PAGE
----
House Speaker Jim Wright (D-Tex.) said yesterday that Congress will pass the $76 billion compromise plan to reduce the federal deficit only if President Reagan persuades congressional Republicans to support it.
"It'll have to have votes on both sides of the aisle," Wright said yesterday on NBC News' "Meet the Press." "We probably cannot pass it all by ourselves. I believe . . . we will produce a majority of Democratic votes for it in the House, but it's going to have to have some support on the Republican side as well."
Reagan said Friday that White House and congressional budget negotiators had worked out a plan that cuts the deficit by $30 billion in the current fiscal year and by $46 billion in fiscal 1989 through budget cuts, $9 billion in increased taxes, increased fees for some government services and the sale of some government assets.
The budget summit was convened after the stock market plunged Oct. 19.
But the plan has elements that displease both sides: Most Republicans dislike its defense cuts and increased taxes, while Democrats generally would prefer to see fewer cuts in domestic spending. The plan, if approved, would replace the $23 billion in Gramm-Rudman-Hollings budget cuts that went into effect over the weekend.
Asked whether Congress will pass the plan, Wright replied, "That's probably dependent upon the degree of support that it gets from the president and his political party."
He added that with White House support, the plan will be approved: "Yes. Absolutely. . . . That's my judgment."
House Minority Leader Robert H. Michel (R-Ill.) said on ABC News' "This Week With David Brinkley" that persuading Republicans to support the plan is likely to be difficult because of their past opposition to tax increases.
"It is not going to be easy. And we are just going to be starting the selling process," he said. But Michel promised to work for the plan. "I have got to stick with what we have got as a bare-bones minimum," Michel said.
The budget plan calls for $9 billion in unspecified new taxes in fiscal 1988 and $14 billion next year.
Wright said the taxes would be similar to those spelled out in separate tax-increase bills that the House passed and the Senate Finance Committee approved last month.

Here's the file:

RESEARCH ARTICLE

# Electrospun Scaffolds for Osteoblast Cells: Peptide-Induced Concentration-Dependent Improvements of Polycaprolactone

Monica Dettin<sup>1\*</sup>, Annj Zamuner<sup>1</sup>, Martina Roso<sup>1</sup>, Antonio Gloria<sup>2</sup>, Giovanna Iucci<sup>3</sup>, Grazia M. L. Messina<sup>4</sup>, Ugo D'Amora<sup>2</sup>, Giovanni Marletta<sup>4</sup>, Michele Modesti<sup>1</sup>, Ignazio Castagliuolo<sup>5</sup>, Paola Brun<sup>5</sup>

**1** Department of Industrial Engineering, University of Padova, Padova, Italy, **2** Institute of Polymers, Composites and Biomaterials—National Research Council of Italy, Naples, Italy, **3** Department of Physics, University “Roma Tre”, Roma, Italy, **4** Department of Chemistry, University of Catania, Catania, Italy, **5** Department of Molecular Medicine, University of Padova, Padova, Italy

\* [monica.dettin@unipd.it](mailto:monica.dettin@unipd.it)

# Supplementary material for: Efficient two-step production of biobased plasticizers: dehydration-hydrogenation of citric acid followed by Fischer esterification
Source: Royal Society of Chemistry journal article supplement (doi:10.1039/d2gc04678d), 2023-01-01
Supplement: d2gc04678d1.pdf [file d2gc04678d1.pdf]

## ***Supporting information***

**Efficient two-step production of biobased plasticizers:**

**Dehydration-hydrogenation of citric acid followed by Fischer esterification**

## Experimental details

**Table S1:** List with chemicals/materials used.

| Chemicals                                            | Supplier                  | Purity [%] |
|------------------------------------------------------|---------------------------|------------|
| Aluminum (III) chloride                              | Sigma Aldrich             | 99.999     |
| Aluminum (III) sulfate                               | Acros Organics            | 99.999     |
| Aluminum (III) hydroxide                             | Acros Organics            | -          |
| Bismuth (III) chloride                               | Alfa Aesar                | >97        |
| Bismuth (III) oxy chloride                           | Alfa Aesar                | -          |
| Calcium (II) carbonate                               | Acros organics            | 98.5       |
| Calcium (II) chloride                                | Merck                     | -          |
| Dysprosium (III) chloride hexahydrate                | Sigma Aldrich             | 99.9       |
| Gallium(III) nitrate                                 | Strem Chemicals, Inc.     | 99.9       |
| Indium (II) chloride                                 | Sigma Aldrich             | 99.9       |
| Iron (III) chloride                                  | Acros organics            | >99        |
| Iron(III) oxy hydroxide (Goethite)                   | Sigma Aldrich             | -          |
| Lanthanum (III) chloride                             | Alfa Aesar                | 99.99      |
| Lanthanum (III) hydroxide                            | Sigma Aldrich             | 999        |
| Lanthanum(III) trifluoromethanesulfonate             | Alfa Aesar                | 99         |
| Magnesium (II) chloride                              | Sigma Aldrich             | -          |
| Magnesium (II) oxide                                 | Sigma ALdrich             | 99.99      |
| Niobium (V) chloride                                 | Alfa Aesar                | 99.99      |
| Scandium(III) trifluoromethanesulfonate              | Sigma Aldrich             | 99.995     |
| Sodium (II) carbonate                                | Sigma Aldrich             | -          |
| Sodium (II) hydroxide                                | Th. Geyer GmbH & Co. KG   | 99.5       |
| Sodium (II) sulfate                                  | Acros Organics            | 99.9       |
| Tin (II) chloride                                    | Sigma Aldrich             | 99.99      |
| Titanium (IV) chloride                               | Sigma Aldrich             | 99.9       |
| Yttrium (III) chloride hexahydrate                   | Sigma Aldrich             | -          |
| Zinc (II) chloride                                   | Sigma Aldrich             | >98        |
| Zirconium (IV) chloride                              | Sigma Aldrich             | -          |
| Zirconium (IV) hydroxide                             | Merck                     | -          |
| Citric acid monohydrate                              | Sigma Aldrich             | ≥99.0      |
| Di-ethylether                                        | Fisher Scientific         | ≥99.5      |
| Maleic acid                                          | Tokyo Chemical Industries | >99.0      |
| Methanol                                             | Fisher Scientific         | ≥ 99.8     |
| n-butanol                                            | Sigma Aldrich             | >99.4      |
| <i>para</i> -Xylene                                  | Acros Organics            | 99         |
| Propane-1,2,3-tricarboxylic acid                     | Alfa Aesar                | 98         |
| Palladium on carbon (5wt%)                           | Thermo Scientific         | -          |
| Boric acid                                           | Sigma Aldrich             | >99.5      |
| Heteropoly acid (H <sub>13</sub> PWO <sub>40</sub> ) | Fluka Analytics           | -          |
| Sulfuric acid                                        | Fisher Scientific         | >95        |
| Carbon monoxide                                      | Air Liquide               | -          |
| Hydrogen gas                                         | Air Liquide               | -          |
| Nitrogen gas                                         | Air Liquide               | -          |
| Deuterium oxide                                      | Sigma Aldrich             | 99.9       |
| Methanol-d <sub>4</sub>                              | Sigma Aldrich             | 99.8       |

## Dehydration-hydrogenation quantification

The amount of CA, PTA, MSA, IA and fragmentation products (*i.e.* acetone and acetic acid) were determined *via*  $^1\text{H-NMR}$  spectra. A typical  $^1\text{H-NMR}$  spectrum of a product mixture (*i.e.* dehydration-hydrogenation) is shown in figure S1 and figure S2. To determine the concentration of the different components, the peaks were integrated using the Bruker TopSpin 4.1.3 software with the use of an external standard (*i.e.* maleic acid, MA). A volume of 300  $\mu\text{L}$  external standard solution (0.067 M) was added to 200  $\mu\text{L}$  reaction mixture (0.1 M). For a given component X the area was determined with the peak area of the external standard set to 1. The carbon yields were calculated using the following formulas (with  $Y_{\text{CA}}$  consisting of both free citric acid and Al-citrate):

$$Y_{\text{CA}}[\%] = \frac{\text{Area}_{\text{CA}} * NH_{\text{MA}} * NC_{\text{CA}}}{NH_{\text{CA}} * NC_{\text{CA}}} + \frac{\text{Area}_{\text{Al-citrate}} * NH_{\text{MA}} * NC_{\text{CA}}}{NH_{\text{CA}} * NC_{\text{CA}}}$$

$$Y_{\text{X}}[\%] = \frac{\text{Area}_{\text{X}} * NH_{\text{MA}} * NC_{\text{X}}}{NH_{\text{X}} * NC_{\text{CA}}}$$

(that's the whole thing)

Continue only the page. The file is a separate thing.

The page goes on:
Rep. Dan Rostenkowski (D-Ill.), chairman of the House Ways and Means Committee and one of the budget summit negotiators, said Congress probably would work within the framework of the tax-increase bills. Appearing with Michel on "This Week With David Brinkley," Rostenkowski called the package a "baby step in the right direction. . . . "
White House chief of staff Howard H. Baker Jr. acknowledged on ABC that the prospect of raising taxes by $9 billion is awkward near the election because many Republican candidates are pledging to fight higher taxes.
But he indicated that Reagan is prepared to support new taxes.
Baker noted that the budget submitted the president this year included "about $22 billion in revenue . . . and, oh, about $8 billion of that by any other name would be a misnomer. It was taxes . . . .
"The president is absolutely firm in his commitment that we will not start any new broad-based taxes. But I think he's shown a forthcoming spirit in agreeing to this package of revenues. And I think candidates for president ought to be similarly realistic," Baker said.
Sen. Phil Gramm (R-Tex.), appearing on CBS News' "Face the Nation," charged that the budget compromise "does not represent the kind of bold departure we needed to calm nerves on Wall Street, to bring the deficit down sharply, to bring interest rates down, to strengthen and sustain an economy that is now in the longest period of economic recovery in American history."
Gramm said he expects efforts in the Senate to amend the plan to reduce the deficit. "We are going to offer amendments to amend discriminatory spending, defense and nondefense alike, at last year's level," he said.